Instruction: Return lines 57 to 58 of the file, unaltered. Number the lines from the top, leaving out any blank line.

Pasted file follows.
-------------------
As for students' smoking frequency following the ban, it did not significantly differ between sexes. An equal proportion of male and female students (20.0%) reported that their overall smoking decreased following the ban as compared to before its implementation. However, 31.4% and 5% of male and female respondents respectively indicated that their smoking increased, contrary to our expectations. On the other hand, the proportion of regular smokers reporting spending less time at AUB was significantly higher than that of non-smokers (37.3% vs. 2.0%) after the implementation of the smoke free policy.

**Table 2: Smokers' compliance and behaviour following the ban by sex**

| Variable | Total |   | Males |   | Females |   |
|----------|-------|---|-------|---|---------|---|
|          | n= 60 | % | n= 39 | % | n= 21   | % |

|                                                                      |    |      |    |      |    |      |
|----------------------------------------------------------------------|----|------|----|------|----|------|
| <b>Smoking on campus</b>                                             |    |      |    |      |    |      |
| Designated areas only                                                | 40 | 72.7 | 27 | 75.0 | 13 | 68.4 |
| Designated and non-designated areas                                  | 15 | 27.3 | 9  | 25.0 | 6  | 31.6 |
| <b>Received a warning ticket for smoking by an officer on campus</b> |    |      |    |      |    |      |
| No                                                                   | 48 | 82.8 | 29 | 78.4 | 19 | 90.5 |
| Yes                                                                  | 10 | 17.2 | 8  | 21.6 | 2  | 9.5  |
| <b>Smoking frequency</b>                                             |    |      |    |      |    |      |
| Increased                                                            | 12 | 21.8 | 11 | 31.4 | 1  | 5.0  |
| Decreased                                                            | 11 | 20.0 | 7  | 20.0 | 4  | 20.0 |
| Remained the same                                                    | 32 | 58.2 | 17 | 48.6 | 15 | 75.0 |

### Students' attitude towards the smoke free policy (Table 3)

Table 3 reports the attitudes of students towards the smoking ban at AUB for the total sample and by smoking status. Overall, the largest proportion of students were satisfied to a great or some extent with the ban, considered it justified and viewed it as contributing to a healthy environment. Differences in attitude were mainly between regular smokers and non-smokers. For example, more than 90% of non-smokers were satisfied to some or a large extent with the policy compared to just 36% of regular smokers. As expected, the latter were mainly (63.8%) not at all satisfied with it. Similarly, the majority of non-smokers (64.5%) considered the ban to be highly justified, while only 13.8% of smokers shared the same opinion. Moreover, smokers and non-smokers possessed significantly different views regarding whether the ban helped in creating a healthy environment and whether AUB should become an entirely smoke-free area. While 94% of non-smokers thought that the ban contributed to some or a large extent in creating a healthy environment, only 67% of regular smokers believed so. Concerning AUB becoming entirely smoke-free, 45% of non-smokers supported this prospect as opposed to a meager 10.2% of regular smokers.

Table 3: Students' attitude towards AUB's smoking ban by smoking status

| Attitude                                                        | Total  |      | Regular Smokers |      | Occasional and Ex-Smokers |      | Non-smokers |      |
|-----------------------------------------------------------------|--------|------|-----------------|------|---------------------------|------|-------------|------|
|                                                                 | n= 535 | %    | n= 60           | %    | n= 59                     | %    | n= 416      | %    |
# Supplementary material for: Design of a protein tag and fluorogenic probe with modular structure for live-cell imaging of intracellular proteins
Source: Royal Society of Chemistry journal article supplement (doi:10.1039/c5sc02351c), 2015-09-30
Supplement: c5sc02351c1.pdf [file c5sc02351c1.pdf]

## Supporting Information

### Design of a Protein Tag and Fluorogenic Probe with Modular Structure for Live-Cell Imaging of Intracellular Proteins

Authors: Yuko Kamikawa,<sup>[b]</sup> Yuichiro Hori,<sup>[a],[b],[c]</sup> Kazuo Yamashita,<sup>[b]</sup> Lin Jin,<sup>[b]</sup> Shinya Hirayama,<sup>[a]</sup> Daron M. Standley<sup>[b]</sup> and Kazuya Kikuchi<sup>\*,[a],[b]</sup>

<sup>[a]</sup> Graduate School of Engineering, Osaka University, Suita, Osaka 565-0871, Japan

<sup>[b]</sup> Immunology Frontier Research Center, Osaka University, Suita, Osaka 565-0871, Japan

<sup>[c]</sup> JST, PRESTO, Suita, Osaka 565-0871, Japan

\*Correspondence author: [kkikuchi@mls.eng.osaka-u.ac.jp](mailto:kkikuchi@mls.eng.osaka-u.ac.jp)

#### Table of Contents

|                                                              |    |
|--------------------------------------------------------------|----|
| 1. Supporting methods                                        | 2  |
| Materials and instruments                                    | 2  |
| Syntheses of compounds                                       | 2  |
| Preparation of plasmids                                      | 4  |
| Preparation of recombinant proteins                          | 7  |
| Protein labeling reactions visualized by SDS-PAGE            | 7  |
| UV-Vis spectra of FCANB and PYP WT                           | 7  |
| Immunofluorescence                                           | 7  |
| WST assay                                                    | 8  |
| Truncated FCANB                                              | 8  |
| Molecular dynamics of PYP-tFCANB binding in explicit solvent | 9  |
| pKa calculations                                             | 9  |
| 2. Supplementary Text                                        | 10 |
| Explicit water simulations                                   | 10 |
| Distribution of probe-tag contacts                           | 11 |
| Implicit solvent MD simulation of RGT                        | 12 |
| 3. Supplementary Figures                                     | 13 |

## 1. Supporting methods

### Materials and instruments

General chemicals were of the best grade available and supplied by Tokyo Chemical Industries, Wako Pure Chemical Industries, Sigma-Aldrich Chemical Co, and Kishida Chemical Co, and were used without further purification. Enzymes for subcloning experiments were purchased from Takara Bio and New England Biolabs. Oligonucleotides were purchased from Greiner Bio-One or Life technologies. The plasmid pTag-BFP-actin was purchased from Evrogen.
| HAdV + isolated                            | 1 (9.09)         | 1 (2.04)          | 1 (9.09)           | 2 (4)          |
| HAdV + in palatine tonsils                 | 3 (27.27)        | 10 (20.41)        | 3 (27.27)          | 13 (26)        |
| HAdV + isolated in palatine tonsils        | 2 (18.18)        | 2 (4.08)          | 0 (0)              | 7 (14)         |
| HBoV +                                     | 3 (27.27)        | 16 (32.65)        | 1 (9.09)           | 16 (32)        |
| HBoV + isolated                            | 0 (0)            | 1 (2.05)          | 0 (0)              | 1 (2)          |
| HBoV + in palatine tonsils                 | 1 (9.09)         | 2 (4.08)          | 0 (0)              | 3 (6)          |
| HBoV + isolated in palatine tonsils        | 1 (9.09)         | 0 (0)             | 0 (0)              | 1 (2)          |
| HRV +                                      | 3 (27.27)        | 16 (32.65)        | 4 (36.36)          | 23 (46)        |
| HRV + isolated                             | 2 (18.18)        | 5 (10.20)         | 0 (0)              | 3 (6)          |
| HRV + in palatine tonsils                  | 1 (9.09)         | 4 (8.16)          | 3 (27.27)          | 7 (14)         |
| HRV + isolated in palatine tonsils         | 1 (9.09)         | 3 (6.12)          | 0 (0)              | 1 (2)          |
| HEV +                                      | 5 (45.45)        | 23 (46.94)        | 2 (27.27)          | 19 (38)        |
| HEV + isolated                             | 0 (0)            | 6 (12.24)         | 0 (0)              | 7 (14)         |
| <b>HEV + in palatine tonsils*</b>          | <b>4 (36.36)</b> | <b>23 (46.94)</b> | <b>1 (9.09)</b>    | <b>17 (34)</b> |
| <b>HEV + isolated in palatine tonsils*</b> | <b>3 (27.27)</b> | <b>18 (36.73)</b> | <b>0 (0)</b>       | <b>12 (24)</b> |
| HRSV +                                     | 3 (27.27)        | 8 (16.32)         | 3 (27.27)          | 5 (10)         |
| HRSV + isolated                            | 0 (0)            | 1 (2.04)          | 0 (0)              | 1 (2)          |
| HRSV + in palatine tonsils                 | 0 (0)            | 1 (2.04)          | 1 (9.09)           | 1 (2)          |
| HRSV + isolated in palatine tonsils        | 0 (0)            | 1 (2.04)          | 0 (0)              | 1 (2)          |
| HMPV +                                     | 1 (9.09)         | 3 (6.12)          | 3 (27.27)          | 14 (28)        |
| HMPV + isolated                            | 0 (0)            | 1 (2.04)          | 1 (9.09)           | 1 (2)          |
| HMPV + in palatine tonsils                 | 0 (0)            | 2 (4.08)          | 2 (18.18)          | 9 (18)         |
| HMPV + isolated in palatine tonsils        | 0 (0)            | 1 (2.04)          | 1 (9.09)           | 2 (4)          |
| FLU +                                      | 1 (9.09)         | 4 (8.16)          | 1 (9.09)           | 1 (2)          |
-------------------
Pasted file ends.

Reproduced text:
| HAdV + isolated                            | 1 (9.09)         | 1 (2.04)          | 1 (9.09)           | 2 (4)          |
| HAdV + in palatine tonsils                 | 3 (27.27)        | 10 (20.41)        | 3 (27.27)          | 13 (26)        |